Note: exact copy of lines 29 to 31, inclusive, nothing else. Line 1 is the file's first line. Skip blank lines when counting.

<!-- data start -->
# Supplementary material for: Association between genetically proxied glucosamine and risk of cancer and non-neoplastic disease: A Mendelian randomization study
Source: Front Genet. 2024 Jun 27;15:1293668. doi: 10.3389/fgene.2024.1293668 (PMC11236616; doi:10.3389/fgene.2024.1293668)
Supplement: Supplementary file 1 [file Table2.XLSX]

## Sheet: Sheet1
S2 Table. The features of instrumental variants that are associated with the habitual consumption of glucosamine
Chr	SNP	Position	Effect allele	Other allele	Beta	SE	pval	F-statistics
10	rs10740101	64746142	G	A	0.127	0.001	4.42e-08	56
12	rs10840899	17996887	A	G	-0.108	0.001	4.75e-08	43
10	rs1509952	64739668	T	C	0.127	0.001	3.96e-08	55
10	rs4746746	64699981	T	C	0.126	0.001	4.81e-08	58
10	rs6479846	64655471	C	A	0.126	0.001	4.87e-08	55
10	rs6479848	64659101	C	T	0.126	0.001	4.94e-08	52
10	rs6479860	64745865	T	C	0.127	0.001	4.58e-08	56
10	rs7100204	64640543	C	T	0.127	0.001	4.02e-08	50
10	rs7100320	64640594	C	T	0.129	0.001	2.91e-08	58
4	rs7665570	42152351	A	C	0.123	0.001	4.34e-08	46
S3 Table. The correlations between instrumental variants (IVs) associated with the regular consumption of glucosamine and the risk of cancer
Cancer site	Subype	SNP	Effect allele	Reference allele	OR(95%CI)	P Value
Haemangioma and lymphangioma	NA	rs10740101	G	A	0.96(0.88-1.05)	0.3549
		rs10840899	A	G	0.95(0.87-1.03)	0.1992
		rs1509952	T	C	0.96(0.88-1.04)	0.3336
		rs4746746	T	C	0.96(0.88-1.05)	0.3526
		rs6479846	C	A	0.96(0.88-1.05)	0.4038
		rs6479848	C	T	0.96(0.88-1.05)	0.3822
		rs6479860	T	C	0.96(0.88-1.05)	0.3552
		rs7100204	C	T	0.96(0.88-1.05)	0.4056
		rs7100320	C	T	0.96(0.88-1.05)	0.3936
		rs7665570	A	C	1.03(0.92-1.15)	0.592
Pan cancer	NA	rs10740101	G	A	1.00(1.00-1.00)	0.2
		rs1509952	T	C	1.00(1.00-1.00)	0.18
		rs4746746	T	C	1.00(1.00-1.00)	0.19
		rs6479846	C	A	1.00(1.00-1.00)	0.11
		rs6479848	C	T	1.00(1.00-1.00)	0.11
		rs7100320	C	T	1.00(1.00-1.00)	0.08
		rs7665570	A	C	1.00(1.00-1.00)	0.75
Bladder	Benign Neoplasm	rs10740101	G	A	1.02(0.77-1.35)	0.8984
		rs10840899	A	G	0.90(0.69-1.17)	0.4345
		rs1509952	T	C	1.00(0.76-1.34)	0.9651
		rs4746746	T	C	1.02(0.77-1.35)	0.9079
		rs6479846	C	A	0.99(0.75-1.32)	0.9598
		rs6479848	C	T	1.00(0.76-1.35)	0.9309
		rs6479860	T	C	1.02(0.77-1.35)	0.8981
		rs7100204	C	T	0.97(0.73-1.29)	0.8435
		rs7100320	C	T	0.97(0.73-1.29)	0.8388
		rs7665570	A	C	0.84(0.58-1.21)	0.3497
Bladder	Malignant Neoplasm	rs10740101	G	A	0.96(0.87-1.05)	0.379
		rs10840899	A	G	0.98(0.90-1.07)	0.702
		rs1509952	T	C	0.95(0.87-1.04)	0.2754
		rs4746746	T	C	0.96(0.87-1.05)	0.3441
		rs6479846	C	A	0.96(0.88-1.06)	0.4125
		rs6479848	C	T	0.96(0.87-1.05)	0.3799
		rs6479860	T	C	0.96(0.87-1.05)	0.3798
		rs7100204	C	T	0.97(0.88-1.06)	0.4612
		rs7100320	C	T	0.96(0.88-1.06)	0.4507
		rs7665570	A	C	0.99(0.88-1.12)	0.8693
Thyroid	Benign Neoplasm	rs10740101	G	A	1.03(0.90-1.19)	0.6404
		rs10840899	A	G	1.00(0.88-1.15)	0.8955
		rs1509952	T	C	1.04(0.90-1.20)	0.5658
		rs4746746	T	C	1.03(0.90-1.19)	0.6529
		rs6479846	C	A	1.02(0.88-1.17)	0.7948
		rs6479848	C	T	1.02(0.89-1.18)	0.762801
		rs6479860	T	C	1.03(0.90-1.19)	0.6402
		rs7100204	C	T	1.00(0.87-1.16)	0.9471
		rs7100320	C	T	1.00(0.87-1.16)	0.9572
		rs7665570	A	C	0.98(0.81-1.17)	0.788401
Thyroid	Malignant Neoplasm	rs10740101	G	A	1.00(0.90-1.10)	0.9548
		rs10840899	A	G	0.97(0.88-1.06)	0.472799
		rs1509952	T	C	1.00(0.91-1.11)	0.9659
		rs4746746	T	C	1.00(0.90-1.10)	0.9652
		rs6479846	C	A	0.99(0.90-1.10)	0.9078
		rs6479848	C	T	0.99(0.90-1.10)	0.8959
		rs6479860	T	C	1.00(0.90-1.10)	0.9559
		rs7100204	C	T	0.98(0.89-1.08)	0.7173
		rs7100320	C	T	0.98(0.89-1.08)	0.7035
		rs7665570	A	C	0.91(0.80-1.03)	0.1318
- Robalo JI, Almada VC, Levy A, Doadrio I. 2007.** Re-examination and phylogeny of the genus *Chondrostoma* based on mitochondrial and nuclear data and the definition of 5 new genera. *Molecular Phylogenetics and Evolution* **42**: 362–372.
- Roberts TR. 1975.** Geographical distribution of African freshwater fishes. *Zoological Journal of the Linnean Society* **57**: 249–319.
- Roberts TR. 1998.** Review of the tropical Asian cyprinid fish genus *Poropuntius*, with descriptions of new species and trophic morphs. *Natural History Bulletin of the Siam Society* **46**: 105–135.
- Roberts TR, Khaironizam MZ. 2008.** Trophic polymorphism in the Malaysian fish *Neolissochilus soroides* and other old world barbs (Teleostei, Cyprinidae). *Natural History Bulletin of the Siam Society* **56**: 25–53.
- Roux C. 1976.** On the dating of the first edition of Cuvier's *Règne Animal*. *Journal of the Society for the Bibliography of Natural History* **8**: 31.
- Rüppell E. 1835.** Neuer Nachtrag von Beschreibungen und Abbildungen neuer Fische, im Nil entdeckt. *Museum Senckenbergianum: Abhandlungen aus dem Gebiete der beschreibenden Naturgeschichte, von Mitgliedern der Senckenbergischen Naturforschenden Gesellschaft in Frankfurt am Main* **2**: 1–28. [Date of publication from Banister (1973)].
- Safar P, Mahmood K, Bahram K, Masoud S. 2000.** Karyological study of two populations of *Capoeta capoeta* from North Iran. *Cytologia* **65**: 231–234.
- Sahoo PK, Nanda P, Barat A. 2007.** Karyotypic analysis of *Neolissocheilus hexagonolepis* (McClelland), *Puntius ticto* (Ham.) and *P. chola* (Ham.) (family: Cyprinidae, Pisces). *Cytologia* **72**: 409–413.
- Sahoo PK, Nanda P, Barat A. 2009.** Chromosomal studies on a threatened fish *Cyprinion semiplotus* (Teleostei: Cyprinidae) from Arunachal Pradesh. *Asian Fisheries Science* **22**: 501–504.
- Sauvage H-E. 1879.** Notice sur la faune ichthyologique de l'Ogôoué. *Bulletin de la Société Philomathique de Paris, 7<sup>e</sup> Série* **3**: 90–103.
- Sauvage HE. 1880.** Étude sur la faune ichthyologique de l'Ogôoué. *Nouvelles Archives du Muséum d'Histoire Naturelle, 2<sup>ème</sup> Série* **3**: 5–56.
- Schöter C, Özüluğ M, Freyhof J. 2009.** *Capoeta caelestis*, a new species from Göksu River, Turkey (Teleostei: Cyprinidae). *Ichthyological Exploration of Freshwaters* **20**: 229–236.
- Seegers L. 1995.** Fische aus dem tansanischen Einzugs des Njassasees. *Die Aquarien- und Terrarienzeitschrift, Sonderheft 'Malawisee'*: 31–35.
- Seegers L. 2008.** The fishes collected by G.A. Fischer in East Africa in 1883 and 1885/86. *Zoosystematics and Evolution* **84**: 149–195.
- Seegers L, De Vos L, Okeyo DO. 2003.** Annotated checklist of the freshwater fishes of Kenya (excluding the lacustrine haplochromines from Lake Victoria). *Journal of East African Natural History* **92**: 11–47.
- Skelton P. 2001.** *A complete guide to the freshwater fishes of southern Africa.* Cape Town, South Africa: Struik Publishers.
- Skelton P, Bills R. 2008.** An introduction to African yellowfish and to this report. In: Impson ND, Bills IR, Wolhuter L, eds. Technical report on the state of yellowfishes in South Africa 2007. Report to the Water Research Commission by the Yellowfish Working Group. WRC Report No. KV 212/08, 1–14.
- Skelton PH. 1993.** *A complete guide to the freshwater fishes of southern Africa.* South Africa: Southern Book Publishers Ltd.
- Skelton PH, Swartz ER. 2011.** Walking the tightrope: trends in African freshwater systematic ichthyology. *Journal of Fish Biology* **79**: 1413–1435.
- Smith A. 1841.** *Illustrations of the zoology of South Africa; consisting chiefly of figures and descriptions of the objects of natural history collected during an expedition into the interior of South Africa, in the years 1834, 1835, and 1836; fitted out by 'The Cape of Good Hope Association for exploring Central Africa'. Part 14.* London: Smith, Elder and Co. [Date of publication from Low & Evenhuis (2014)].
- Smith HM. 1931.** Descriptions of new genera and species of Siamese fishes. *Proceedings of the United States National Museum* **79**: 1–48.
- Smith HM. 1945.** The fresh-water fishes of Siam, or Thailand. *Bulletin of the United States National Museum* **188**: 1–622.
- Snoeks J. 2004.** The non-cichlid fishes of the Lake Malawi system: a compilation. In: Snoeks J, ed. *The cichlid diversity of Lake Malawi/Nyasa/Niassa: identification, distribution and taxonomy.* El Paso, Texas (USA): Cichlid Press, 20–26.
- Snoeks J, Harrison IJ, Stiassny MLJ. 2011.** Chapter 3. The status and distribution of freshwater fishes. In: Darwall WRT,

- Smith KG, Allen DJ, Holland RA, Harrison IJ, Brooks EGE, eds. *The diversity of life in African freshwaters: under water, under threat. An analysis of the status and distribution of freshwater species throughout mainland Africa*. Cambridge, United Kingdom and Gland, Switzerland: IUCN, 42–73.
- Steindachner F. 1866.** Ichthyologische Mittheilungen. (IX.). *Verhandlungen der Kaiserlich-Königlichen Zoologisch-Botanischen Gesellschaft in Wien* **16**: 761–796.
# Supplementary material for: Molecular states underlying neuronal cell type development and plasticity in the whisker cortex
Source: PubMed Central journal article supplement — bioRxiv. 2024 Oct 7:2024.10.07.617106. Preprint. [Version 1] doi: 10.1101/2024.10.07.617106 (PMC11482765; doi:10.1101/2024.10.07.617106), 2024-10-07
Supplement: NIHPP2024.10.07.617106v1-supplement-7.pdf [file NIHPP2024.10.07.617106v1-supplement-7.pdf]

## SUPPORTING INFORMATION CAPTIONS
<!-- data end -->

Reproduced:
Pan cancer	NA	rs10740101	G	A	1.00(1.00-1.00)	0.2
		rs1509952	T	C	1.00(1.00-1.00)	0.18
		rs4746746	T	C	1.00(1.00-1.00)	0.19